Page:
The United Church announced last weekend that the 44th General Council will be held entirely online.
On March 20, General Council 43 commissioners voted to hold the 2022 conference virtually. It will be the first online General Council since the denomination was founded in 1925.
The church had planned to hold General Council 44 in July 2021 in Calgary, but commissioners decided to push the event to 2022 over concerns about COVID-19 last summer.
Allan Buckingham, chair of the business and agenda committee for General Council 44, said that a desire to prioritize people’s safety and comfort fuelled the recent decision, as well as uncertainty about the kind of pandemic restrictions that might be in place next year.
“There are so many variables that it felt really hard to plan something concrete,” he said. “Whereas if it’s a pure virtual thing, we know what we’re getting.”
The resolution that commissioners passed on Saturday also allows organizers to pivot to a modified in-person event later on if doing so would be safe.
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Every three years, commissioners, who are representatives from across the country, attend General Council to discuss and vote on business that affects the denomination. Commissioners are elected in advance of the meeting.
When the possibility of a virtual event was discussed at last year’s meeting to postpone General Council, one of the main concerns was about Wi-Fi accessibility in small communities. Buckingham said organizers don’t have a solution to that problem yet, but are working on it.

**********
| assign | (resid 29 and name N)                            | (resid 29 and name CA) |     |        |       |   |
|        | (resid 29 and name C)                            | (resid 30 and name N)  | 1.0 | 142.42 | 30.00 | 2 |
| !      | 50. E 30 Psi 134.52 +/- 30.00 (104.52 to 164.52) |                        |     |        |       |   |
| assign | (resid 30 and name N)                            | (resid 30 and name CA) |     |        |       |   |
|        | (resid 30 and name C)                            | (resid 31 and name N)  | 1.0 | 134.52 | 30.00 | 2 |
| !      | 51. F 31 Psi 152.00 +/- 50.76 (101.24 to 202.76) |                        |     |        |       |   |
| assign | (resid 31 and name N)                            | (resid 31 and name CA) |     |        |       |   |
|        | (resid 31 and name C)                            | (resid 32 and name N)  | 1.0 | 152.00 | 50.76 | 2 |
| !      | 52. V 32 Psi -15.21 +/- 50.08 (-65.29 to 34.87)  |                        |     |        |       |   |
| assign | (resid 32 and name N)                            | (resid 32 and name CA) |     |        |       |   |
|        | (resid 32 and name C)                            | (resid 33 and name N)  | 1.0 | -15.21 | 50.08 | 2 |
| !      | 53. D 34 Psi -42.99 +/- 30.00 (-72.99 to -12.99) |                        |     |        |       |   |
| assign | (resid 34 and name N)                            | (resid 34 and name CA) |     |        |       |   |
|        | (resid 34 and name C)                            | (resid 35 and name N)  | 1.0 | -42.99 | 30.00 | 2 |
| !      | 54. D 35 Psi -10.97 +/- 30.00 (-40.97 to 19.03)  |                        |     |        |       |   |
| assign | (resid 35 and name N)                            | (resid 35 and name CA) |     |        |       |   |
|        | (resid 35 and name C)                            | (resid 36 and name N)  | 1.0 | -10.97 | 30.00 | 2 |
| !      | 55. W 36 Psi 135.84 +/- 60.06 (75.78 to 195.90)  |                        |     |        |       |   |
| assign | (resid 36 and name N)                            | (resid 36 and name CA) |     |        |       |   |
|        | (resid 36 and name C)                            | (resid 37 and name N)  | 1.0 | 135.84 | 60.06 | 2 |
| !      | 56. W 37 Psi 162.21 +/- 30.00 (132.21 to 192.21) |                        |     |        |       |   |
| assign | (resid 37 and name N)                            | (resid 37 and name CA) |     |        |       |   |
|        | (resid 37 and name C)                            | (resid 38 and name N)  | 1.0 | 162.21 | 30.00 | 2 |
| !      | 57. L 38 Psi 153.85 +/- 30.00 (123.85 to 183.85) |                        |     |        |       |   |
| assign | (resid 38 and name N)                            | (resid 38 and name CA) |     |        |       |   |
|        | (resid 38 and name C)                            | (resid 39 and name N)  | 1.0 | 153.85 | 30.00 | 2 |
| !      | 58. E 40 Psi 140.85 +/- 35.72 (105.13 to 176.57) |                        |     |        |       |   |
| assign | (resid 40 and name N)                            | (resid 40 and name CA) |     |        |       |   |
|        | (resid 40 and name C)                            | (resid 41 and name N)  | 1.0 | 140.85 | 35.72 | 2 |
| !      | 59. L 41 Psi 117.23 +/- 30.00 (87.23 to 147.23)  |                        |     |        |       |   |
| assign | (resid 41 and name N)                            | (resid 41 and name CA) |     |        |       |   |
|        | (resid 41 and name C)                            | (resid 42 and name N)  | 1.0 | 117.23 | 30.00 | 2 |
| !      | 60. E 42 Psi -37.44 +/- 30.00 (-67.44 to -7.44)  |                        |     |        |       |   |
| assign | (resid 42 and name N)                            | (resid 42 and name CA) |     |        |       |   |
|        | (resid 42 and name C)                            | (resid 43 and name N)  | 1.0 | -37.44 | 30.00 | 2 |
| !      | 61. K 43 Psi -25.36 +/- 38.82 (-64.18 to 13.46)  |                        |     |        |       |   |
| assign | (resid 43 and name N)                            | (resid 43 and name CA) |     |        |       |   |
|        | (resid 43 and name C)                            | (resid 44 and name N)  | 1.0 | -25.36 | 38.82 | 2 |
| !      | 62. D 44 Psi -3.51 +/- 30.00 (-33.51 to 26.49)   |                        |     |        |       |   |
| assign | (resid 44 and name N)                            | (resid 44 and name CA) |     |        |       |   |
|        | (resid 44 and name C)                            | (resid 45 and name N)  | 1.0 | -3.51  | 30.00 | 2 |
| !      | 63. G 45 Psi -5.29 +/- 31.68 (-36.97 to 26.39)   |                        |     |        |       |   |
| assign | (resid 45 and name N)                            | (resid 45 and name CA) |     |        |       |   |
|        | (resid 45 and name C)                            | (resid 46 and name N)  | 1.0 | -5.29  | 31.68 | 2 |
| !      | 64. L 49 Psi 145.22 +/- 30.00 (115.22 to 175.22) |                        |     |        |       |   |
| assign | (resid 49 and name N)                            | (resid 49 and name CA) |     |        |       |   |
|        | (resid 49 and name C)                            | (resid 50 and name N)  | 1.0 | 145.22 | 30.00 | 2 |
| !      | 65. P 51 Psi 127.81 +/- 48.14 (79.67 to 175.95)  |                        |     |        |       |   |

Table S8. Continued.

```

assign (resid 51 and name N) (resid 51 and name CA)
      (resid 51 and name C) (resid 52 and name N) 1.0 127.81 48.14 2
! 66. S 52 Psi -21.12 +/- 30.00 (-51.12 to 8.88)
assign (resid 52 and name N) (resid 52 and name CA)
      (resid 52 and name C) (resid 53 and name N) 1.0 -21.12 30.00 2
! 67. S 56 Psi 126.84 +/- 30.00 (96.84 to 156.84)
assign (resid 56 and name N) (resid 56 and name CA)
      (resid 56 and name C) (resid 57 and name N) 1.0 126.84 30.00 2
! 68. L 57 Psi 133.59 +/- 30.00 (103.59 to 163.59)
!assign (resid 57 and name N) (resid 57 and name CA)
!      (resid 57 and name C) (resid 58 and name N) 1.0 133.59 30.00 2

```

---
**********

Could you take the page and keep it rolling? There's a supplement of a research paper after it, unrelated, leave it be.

Proposals for General Council 44 will be due in October 2021. The “listening” portion of the event, which is when commissioners prepare for decision-making by reading proposals and asking questions, will begin in February 2022, and the decision-making process will last from July 22-26, with final dates to be decided by the General Council Executive. Buckingham said organizers want to allow commissioners more time to digest information before making decisions.
They also said the virtual format may allow more flexibility during the more formal meeting than forcing people to sit at computers for nearly a week.
“Doing six days of eight or 12-hour days… that’s just a lot of time, and we’re not constrained to that in the same way.”
Buckingham said they will miss the spontaneous interactions that would normally come from an in-person event, but are trying to look on the bright side.
“So how can we use this opportunity to learn something and figure out even better ways to make some decisions?”
Emma Prestwich is Broadview’s digital editor.
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